Marnie and Brian Anderson smile and laugh with Battalion Chief Justin Johnson (right) after receiving a flag as retirement gift at the Lake Roesiger Fire Department on Thursday in Snohomish. (Olivia Vanni / The Herald)

Marnie and Brian Anderson smile and laugh with Battalion Chief Justin Johnson (right) after receiving a flag as retirement gift at the Lake Roesiger Fire Department on Thursday in Snohomish. (Olivia Vanni / The Herald)

After combined 92 years, couple retires from Lake Roesiger Fire

Brian and Marnie Anderson “were instrumental in the progression of this fire department” east of Lake Stevens.

LAKE ROESIGER — “Long hours, no pay.”

That was the sign posted in front of the Lake Roesiger Fire Department that inspired Dan Rogers to volunteer three years ago, the firefighter recalled.

“It just seemed silly, personable,” he said.

Last week, volunteers posted their own message: “Brian and Marnie — 92 years answering the call. Happy retirement.”

Lake Roesiger Fire Chief Brian Anderson and his wife Marnie Anderson, an EMT, retired after a combined 92 years with the all-volunteer department. Firefighters held a celebration for the two on Thursday.

“It’s a family,” Rogers said. “They are parental to a lot of us.”

In 1976, the newlywed Andersons became volunteer firefighters, following in the footsteps of both of their fathers.

At the time, most residents of the small community worked elsewhere, leaving the area uncovered during the day, Marnie Anderson said. While still in college, she signed up to volunteer, three months after Brian Anderson joined the department.

“It was something you did for your community — you volunteered to help where you could,” Marnie Anderson said.

She said a group of neighbors formed Snohomish County Fire District 16 in 1955. The district initially provided service to 7 miles around Lake Roesiger. It now covers about 40 square miles between Granite Falls and Monroe.

People gather outside of the Lake Roesiger Fire Department to celebrate the retirements of Marnie and Brian Anderson on Thursday in Snohomish. (Olivia Vanni / The Herald)

People gather outside of the Lake Roesiger Fire Department to celebrate the retirements of Marnie and Brian Anderson on Thursday in Snohomish. (Olivia Vanni / The Herald)

In the beginning, the district funded itself through an annual Fourth of July Celebration, Marnie Anderson said. Today, it is financed by taxes.

After starting with two fire trucks from the 1940s, the department now uses state-of-the-art equipment, she said. Volunteers receive the same training as paid firefighters and EMTs, and some have traveled to Eastern Washington and California to fight wildfires.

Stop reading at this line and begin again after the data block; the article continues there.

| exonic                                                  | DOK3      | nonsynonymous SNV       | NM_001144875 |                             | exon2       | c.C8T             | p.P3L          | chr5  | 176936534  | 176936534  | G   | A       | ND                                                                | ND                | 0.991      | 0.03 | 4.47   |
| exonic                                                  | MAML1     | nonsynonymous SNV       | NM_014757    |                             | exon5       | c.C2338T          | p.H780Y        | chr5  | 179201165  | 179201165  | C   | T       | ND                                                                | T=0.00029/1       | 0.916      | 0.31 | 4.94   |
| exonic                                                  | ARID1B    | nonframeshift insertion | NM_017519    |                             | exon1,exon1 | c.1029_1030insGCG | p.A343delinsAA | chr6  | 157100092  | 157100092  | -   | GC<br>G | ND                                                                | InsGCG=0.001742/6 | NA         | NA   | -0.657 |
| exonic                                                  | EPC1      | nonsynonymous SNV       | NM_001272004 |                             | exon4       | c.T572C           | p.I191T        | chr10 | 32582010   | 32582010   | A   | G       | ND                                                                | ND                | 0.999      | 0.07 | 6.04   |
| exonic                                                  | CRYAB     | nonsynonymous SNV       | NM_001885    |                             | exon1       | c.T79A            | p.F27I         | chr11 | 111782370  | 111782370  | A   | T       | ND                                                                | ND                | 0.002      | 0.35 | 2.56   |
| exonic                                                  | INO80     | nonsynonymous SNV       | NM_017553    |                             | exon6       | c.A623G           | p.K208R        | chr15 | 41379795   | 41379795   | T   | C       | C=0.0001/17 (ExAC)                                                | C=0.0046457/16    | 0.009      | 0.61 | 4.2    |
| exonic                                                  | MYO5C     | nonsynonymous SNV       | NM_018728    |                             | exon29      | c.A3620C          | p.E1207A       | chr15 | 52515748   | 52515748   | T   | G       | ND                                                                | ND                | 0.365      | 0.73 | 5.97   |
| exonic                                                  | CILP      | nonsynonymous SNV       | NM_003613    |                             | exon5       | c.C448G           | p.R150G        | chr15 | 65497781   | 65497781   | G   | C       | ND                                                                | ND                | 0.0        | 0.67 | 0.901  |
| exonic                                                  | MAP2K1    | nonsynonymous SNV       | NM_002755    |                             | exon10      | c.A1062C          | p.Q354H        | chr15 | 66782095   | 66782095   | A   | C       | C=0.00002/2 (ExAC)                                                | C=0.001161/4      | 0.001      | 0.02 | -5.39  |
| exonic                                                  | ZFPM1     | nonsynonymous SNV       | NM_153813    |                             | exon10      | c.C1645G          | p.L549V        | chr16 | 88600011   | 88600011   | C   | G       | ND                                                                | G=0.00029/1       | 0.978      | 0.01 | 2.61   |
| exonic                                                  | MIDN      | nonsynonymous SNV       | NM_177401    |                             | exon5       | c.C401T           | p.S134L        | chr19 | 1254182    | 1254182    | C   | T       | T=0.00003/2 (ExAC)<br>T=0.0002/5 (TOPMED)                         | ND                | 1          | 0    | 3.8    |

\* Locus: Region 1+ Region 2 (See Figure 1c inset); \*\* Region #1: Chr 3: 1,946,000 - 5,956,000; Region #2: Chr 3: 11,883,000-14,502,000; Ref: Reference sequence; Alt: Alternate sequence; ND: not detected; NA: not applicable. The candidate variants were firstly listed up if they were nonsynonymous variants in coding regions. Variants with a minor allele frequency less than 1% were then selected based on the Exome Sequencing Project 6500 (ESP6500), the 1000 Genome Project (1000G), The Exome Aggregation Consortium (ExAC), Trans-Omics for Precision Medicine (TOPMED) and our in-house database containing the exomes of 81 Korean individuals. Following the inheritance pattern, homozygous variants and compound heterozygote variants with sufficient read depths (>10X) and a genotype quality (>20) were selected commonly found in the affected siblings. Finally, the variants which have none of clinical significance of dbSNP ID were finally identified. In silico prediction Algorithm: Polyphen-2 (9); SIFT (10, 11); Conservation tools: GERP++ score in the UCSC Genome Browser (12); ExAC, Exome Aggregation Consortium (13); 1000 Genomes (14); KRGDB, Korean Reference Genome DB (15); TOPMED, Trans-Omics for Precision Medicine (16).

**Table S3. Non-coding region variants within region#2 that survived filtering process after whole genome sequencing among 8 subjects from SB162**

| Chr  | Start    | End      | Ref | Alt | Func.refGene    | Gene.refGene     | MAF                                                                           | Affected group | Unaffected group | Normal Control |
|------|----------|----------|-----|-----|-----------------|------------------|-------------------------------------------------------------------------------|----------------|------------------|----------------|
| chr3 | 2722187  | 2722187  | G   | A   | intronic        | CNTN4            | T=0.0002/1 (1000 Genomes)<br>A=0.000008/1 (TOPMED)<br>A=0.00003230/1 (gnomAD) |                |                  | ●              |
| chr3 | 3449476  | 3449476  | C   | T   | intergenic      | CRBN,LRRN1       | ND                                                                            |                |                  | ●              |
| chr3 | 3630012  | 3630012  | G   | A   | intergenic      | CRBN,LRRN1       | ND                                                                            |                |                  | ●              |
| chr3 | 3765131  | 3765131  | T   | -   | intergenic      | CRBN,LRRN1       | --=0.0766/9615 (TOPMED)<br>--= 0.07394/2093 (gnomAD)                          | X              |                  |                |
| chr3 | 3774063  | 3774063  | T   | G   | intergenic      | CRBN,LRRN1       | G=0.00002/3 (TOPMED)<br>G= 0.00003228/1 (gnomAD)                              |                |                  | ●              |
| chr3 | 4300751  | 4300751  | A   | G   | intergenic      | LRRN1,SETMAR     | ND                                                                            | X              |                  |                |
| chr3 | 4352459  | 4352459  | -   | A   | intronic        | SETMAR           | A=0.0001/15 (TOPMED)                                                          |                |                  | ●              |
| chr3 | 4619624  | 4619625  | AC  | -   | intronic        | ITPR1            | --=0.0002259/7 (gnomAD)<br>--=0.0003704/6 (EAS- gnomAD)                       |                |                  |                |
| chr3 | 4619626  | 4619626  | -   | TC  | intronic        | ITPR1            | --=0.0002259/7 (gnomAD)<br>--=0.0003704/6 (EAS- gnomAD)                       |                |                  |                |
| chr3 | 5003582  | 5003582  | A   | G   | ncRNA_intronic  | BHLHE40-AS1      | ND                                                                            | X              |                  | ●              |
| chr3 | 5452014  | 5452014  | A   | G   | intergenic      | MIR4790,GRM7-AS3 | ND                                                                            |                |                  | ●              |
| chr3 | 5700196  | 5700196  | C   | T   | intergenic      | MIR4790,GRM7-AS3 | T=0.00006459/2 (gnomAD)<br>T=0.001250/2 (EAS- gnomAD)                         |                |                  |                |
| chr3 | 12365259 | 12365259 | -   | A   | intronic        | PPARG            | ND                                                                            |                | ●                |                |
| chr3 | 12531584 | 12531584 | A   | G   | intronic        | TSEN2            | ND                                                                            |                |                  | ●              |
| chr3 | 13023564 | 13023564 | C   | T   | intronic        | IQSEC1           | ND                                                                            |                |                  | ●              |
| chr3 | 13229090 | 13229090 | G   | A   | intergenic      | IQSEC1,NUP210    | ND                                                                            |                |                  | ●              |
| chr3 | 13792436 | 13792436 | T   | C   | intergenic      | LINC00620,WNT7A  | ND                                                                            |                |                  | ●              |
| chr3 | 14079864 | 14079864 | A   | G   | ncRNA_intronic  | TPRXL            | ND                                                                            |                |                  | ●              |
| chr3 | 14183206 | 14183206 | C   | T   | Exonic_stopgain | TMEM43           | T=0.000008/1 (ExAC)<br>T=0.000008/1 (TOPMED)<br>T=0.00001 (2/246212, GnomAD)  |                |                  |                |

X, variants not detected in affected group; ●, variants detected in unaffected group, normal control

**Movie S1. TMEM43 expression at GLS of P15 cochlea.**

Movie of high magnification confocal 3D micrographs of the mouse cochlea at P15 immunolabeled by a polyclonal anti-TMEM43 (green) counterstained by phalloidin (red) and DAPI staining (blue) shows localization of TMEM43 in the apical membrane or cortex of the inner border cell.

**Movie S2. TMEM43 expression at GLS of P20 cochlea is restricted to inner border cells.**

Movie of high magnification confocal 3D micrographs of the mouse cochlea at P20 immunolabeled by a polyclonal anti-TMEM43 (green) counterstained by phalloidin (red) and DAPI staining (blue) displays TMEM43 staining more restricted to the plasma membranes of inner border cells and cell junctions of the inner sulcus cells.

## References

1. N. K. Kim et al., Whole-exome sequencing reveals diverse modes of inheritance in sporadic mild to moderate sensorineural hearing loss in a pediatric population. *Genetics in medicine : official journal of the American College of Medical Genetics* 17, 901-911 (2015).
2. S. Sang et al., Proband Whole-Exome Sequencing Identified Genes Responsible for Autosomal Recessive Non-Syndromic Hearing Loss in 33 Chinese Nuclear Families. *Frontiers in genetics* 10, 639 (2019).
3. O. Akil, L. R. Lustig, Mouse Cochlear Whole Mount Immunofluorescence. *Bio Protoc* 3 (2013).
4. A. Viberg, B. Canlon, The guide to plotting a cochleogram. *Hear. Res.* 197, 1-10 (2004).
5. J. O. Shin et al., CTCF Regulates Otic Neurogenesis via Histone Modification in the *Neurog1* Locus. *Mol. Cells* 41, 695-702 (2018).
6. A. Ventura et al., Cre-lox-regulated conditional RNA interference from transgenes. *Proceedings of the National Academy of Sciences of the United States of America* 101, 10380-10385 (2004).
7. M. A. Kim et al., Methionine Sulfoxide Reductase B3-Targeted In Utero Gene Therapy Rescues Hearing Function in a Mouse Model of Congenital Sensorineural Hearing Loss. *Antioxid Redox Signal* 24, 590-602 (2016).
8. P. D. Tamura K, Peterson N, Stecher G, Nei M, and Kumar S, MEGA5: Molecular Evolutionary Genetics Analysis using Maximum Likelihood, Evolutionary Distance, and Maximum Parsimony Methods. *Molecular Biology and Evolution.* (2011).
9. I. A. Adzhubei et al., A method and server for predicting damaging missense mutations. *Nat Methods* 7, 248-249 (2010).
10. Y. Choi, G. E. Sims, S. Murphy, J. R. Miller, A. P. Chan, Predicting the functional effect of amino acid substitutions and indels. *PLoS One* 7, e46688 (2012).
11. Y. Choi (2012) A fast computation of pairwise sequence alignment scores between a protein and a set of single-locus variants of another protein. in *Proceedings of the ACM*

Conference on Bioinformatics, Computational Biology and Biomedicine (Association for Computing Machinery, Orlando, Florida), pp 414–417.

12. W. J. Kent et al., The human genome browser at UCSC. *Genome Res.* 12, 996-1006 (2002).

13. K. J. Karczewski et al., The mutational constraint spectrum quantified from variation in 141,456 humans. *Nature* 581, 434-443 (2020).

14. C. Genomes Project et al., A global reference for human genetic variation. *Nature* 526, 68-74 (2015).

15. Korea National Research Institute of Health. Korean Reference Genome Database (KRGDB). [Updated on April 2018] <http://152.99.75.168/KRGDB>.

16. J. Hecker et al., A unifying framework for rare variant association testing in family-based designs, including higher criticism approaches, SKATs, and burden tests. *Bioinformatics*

Locally, the district responded to 211 calls last year — about 80% medical and 20% fire calls, Brian Anderson said.

Tom Foster, a longtime friend and a volunteer firefighter of 20 years, said the Andersons “were instrumental in the progression of this fire department.”

He said the two expanded the district’s boundaries and installed fire hydrants around the lake. Almost every fire district in the county has full-time firefighters. Fire District 16 is the exception. It’s all-volunteer.

“We’re filling a niche that’s reasonable to the taxpayers and gives them the best value for their dollar,” Foster said.

As chief, Brian Anderson was paid a “small stipend.”

Like other volunteers, the Andersons balanced their volunteer work with jobs and family.

Marnie Anderson taught elementary school in the Snohomish School District for 17 years, while Brian Anderson worked as a paid firefighter with Snohomish County Fire District 1. He also taught fire training at Everett Community College.

Brian Anderson became chief of the Lake Roesiger Fire Department in 1997. He said he is proud of the department’s 20 volunteers.

“We have done very well with people that we have,” he said.

Other family members will carry on the legacy. Their son Scott Anderson and their son-in-law Justin Johnson are both battalion chiefs. Together, they’ll take the reins until a new chief is named.

Marnie Anderson said she will miss her volunteer coworkers the most. She won’t miss having to leave birthday parties and holiday dinners to respond to a call.

But it’s part of the job, she said.

“The best volunteers we get are people who are willing to get up in the middle of the night, leave Easter dinner, and get back three hours later,” Marnie Anderson said. “They are doing the job because they want to give back to the community.”

Jacqueline Allison: 425-339-3434; jacqueline.allison@heraldnet.com. Twitter: @jacq_allison.

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